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Like your pre-Obamacare health plan? Keep it through 2015
Health reform » No cancellations in Utah, unless employer withdraws plan.
First Published Jun 19 2014 04:28 pm • Last Updated Jun 19 2014 10:37 pm

Utah’s largest insurers say if consumers like their pre-Obamacare health plans, they can keep them through the end of 2015 — and possibly 2016.

The "grandmothered" plans may not offer the same consumer protections or level of coverage as required by the Affordable Care Act. But they meet the health law’s mandate to have insurance.

At a glance

Still confused?

There is assistance for those who need help understanding their insurance options:

Go to takecareutah.org or call 211 to find the nearest trained navigator.

Find a certified insurance broker near you at bit.ly/brokerfind.

Call Utah’s insurance department, 801-538-3800.

Find out if you qualify for government subsidies to put toward your health insurance purchase at: kff.org/interactive/subsidy-calculator/

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Insurance companies can continue offering these noncompliant policies through 2016 under an extension approved last year by the Obama administration in response to news of widespread insurance cancellations.

Republicans pointed to the cancellations as another broken promise of the ACA. But they weren’t a problem in states with more permissive insurance regulations, such as Utah.

The state Department of Insurance allows carriers to renew through 2016 health plans that pre-date the health law, but leave the decision up to the insurer, said state health and life insurance director, Nancy Askerlund.

So far, Utah’s two largest carriers — both nonprofits that together claim 60 percent of the individual market — allow renewal of noncompliant policies through at least 2015.

"About 85 percent of our individual members [in Utah] have chosen to extend their 2013 plans," said Lou Riepl, a spokesman for Regence BlueCross BlueShield.

Next fall, Regence will weigh whether to grant another year’s extension, he said.

SelectHealth is doing the same for its customers, said spokeswoman Carrie Brown. She didn’t say how many of SelectHealth’s policyholders — who numbered about 60,000 last fall — have chosen to renew.

Experts say there are benefits and risks to renewing, and encourage consumers to weigh their options.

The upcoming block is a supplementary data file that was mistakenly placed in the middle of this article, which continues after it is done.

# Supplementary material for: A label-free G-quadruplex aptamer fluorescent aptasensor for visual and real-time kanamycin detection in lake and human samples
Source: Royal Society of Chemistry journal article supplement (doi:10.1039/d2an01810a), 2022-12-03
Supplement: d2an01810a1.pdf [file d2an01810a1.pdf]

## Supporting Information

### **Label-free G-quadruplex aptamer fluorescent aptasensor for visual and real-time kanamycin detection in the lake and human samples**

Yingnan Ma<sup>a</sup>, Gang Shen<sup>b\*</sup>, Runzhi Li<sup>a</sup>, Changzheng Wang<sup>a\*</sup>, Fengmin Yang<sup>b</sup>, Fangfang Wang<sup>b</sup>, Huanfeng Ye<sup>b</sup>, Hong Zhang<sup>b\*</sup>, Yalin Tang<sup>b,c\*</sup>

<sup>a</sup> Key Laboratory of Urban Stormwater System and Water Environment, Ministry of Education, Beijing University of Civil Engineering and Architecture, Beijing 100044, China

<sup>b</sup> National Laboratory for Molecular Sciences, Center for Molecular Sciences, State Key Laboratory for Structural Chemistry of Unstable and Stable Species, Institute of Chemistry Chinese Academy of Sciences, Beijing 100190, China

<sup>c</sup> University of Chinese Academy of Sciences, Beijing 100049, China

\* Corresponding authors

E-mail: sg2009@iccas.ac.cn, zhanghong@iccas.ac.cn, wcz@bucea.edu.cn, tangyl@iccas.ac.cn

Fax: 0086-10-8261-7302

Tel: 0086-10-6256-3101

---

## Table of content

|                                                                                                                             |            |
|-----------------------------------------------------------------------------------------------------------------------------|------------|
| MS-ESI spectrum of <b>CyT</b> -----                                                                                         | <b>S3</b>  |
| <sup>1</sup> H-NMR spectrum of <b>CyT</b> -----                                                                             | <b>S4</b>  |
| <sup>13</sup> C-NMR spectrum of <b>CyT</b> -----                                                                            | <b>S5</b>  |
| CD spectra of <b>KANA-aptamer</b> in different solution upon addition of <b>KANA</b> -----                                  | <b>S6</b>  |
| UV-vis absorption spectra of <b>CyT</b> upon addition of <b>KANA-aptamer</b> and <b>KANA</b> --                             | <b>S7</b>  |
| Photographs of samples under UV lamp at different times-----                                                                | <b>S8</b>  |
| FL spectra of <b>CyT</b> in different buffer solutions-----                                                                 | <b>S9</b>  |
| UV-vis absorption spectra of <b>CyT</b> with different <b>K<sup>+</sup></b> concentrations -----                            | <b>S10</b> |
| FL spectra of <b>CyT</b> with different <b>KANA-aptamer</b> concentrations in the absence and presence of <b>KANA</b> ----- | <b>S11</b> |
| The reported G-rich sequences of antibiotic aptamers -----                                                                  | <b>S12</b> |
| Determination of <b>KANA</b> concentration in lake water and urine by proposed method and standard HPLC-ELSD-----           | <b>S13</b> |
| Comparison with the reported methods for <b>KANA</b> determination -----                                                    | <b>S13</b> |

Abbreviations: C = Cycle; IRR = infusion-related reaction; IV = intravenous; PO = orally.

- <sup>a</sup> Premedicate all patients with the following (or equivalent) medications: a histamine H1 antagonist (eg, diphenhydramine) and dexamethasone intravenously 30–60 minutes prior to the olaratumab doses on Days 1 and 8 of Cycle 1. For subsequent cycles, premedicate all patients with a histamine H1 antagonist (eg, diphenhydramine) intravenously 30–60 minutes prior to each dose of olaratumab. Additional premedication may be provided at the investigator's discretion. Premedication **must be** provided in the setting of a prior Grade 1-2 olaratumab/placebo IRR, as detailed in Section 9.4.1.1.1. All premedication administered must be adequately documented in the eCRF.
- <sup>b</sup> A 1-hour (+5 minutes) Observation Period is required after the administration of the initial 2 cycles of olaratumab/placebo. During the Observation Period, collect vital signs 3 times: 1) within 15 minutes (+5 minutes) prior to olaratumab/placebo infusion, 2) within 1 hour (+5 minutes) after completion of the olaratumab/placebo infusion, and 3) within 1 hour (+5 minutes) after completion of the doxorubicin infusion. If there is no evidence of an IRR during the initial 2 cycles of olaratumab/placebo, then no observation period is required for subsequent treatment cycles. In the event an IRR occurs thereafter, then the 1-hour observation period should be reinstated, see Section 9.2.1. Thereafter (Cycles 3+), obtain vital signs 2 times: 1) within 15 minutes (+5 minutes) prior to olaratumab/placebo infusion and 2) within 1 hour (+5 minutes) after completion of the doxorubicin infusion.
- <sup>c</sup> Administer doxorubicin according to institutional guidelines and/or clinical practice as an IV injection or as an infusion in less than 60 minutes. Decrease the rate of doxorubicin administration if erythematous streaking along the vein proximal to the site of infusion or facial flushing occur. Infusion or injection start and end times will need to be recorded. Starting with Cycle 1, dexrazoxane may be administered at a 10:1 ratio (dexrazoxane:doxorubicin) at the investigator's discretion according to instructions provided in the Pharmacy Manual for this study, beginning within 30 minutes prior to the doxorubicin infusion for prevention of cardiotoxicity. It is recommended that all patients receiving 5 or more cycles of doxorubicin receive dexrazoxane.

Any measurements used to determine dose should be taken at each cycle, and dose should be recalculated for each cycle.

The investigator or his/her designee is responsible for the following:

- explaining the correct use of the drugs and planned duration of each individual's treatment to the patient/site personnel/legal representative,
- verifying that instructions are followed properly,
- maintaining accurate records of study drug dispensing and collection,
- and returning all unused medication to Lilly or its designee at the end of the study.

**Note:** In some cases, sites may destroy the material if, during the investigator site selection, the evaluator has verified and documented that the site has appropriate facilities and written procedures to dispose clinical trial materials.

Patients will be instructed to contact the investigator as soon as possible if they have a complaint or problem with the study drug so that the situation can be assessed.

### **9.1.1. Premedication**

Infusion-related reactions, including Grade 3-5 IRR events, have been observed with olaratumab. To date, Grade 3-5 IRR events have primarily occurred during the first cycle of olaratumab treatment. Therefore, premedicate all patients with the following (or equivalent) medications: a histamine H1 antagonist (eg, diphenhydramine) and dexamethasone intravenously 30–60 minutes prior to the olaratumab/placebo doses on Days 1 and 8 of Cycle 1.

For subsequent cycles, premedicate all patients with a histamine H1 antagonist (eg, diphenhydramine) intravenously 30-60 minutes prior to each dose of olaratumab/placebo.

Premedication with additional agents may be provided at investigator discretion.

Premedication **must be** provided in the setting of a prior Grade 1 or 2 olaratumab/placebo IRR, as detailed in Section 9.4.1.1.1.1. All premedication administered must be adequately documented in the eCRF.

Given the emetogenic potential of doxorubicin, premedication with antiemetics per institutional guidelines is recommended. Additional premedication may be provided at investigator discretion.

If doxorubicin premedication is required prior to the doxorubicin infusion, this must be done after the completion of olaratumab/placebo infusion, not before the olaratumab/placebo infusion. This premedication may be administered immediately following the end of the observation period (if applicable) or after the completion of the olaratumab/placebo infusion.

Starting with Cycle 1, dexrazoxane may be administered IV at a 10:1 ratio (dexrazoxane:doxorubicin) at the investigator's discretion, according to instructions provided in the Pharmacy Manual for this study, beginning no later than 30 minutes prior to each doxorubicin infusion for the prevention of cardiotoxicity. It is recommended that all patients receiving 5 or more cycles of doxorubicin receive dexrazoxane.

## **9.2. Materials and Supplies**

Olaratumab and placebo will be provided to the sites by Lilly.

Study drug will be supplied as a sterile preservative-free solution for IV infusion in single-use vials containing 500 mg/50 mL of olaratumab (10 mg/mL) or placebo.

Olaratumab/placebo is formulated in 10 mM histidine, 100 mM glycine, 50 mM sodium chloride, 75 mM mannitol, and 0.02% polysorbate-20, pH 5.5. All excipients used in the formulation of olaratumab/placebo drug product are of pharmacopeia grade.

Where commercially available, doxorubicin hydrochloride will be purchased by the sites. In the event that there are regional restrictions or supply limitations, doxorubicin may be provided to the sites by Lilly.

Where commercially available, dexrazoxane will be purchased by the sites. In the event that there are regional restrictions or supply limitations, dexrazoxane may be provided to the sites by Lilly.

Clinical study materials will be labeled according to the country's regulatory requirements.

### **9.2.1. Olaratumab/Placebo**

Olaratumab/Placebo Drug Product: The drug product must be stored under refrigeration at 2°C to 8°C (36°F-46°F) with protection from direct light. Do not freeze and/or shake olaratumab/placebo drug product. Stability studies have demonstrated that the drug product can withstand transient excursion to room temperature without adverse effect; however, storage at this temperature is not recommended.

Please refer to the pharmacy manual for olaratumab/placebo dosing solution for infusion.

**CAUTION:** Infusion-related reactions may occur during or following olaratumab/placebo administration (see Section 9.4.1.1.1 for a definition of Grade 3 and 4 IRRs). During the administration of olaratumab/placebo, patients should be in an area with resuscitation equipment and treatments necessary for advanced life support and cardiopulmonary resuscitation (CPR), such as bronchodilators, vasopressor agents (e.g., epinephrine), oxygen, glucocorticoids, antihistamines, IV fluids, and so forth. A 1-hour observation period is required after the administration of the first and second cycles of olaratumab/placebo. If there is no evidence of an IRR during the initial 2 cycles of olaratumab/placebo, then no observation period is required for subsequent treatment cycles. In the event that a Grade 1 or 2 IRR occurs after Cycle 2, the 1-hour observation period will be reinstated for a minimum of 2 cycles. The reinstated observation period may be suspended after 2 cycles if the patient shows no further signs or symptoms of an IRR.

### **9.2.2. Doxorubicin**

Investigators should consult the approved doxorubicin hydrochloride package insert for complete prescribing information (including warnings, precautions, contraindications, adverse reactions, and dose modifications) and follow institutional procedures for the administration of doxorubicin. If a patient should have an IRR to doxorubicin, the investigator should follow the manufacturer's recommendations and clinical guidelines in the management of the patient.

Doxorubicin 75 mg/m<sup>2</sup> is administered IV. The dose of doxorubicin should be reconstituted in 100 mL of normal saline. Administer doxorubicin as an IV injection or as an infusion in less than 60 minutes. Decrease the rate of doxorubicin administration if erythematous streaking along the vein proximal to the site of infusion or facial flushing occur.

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"Insurance companies are making it easy to keep coverage and that can be good for certain people," said Jason Stevenson, a spokesman for an umbrella group of federal health navigators, Take Care Utah. "But the thing we say is it’s always wise to shop around."

Many ACA-compliant plans have narrower doctor networks and some carry large deductibles.

But they have certain advantages, Stevenson noted. Insurers, for example, are forbidden from rejecting people with pre-existing conditions or charging them more. And age doesn’t factor as much into pricing as it did previously.

The new plans must also fully cover preventive care, such as immunizations and cancer screens, with no out-of-pockets costs to consumers.

But perhaps the biggest incentive for making a switch are tax credits available to those earning up to 400 percent of the federal poverty level, or $45,960 annually for an individual and $94,200 for a family of four.

Eighty-six percent of Utah shoppers on the federal health insurance marketplace received tax credits to put toward their purchase, bringing their average monthly premium to $84, federal data show.

"Some people who renew old policies leave thousands of dollars in subsidies on the table," Stevenson said.

Dangling these subsidies, many insurers are approaching employers, hoping to persuade them to ditch their health benefits and steer workers to www.HealthCare.Gov.

For insurance brokers, "group busting" is an opportunity to solicit business outside of annual enrollment periods. Loss of health benefits, job losses, marriage and divorce are among "qualifying events" that allow consumers to shop the marketplace outside the official enrollment window.

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